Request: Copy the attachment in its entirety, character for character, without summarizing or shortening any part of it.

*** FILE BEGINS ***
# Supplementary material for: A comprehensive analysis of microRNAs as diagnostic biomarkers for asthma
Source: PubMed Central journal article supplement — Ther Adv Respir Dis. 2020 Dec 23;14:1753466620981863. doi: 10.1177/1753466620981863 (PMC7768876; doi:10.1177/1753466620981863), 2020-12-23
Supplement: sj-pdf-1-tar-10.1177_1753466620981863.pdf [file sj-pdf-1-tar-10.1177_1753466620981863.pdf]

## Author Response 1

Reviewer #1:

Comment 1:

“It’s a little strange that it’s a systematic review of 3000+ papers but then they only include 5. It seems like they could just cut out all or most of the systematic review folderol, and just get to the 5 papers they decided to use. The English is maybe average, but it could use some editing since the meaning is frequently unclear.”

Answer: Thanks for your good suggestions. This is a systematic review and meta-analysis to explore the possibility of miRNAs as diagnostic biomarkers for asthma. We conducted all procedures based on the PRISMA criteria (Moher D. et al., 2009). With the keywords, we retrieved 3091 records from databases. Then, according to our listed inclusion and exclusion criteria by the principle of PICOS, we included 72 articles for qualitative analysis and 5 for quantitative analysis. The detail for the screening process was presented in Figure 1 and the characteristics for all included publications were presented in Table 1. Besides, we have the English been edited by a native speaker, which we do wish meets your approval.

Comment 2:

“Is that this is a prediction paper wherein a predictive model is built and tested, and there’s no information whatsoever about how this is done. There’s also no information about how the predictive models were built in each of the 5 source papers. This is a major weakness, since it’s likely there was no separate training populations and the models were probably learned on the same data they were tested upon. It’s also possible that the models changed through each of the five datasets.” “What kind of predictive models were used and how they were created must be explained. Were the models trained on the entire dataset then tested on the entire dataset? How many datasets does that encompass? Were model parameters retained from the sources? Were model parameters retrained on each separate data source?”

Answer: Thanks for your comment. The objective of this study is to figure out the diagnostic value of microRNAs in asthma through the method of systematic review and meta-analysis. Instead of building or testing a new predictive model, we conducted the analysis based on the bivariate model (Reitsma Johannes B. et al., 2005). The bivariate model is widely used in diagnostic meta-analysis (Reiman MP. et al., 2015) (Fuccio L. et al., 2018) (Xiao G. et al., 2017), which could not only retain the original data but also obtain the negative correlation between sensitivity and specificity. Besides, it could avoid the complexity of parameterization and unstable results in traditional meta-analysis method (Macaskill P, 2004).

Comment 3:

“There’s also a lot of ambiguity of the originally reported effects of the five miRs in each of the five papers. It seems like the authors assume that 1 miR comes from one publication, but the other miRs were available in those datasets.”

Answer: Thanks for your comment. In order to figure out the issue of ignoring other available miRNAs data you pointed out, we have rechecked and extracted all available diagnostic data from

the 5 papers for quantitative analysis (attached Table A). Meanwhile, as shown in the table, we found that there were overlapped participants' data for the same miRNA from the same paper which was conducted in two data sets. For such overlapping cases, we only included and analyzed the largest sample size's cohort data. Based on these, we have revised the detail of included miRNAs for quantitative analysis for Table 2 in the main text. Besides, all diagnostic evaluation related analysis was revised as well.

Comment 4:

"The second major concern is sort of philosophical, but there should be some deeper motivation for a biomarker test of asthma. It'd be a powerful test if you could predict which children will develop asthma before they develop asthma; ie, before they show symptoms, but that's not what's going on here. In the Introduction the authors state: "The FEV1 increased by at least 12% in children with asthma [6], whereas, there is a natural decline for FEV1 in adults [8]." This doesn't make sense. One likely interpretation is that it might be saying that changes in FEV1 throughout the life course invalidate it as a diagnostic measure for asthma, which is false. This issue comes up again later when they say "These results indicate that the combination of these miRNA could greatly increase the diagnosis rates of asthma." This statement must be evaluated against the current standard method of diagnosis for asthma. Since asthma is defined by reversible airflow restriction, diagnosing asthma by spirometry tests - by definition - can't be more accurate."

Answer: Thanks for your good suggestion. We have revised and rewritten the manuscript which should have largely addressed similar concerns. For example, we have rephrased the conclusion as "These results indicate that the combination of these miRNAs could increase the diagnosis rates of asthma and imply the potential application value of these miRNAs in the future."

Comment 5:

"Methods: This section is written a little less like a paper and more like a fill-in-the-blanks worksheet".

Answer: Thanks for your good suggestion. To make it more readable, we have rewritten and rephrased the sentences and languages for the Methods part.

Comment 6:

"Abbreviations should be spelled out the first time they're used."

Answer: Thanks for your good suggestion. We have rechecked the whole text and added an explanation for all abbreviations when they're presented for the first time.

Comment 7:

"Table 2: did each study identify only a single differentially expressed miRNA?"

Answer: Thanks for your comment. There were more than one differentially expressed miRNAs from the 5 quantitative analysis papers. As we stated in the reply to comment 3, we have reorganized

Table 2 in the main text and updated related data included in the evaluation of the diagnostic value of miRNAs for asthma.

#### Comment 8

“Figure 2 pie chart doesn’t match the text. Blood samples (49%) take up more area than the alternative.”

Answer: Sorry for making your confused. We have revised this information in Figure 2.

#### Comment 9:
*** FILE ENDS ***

# Supplementary material for: A comprehensive analysis of microRNAs as diagnostic biomarkers for asthma
Source: PubMed Central journal article supplement — Ther Adv Respir Dis. 2020 Dec 23;14:1753466620981863. doi: 10.1177/1753466620981863 (PMC7768876; doi:10.1177/1753466620981863), 2020-12-23
Supplement: sj-pdf-1-tar-10.1177_1753466620981863.pdf [file sj-pdf-1-tar-10.1177_1753466620981863.pdf]

## Author Response 1

Reviewer #1:

Comment 1:

“It’s a little strange that it’s a systematic review of 3000+ papers but then they only include 5. It seems like they could just cut out all or most of the systematic review folderol, and just get to the 5 papers they decided to use. The English is maybe average, but it could use some editing since the meaning is frequently unclear.”

Answer: Thanks for your good suggestions. This is a systematic review and meta-analysis to explore the possibility of miRNAs as diagnostic biomarkers for asthma. We conducted all procedures based on the PRISMA criteria (Moher D. et al., 2009). With the keywords, we retrieved 3091 records from databases. Then, according to our listed inclusion and exclusion criteria by the principle of PICOS, we included 72 articles for qualitative analysis and 5 for quantitative analysis. The detail for the screening process was presented in Figure 1 and the characteristics for all included publications were presented in Table 1. Besides, we have the English been edited by a native speaker, which we do wish meets your approval.

Comment 2:

“Is that this is a prediction paper wherein a predictive model is built and tested, and there’s no information whatsoever about how this is done. There’s also no information about how the predictive models were built in each of the 5 source papers. This is a major weakness, since it’s likely there was no separate training populations and the models were probably learned on the same data they were tested upon. It’s also possible that the models changed through each of the five datasets.” “What kind of predictive models were used and how they were created must be explained. Were the models trained on the entire dataset then tested on the entire dataset? How many datasets does that encompass? Were model parameters retained from the sources? Were model parameters retrained on each separate data source?”

Answer: Thanks for your comment. The objective of this study is to figure out the diagnostic value of microRNAs in asthma through the method of systematic review and meta-analysis. Instead of building or testing a new predictive model, we conducted the analysis based on the bivariate model (Reitsma Johannes B. et al., 2005). The bivariate model is widely used in diagnostic meta-analysis (Reiman MP. et al., 2015) (Fuccio L. et al., 2018) (Xiao G. et al., 2017), which could not only retain the original data but also obtain the negative correlation between sensitivity and specificity. Besides, it could avoid the complexity of parameterization and unstable results in traditional meta-analysis method (Macaskill P, 2004).

Comment 3:

“There’s also a lot of ambiguity of the originally reported effects of the five miRs in each of the five papers. It seems like the authors assume that 1 miR comes from one publication, but the other miRs were available in those datasets.”

Answer: Thanks for your comment. In order to figure out the issue of ignoring other available miRNAs data you pointed out, we have rechecked and extracted all available diagnostic data from

the 5 papers for quantitative analysis (attached Table A). Meanwhile, as shown in the table, we found that there were overlapped participants' data for the same miRNA from the same paper which was conducted in two data sets. For such overlapping cases, we only included and analyzed the largest sample size's cohort data. Based on these, we have revised the detail of included miRNAs for quantitative analysis for Table 2 in the main text. Besides, all diagnostic evaluation related analysis was revised as well.

Comment 4:

"The second major concern is sort of philosophical, but there should be some deeper motivation for a biomarker test of asthma. It'd be a powerful test if you could predict which children will develop asthma before they develop asthma; ie, before they show symptoms, but that's not what's going on here. In the Introduction the authors state: "The FEV1 increased by at least 12% in children with asthma [6], whereas, there is a natural decline for FEV1 in adults [8]." This doesn't make sense. One likely interpretation is that it might be saying that changes in FEV1 throughout the life course invalidate it as a diagnostic measure for asthma, which is false. This issue comes up again later when they say "These results indicate that the combination of these miRNA could greatly increase the diagnosis rates of asthma." This statement must be evaluated against the current standard method of diagnosis for asthma. Since asthma is defined by reversible airflow restriction, diagnosing asthma by spirometry tests - by definition - can't be more accurate."

Answer: Thanks for your good suggestion. We have revised and rewritten the manuscript which should have largely addressed similar concerns. For example, we have rephrased the conclusion as "These results indicate that the combination of these miRNAs could increase the diagnosis rates of asthma and imply the potential application value of these miRNAs in the future."

Comment 5:

"Methods: This section is written a little less like a paper and more like a fill-in-the-blanks worksheet".

Answer: Thanks for your good suggestion. To make it more readable, we have rewritten and rephrased the sentences and languages for the Methods part.

Comment 6:

"Abbreviations should be spelled out the first time they're used."

Answer: Thanks for your good suggestion. We have rechecked the whole text and added an explanation for all abbreviations when they're presented for the first time.

Comment 7:

"Table 2: did each study identify only a single differentially expressed miRNA?"

Answer: Thanks for your comment. There were more than one differentially expressed miRNAs from the 5 quantitative analysis papers. As we stated in the reply to comment 3, we have reorganized

Table 2 in the main text and updated related data included in the evaluation of the diagnostic value of miRNAs for asthma.

#### Comment 8

“Figure 2 pie chart doesn’t match the text. Blood samples (49%) take up more area than the alternative.”

Answer: Sorry for making your confused. We have revised this information in Figure 2.

#### Comment 9: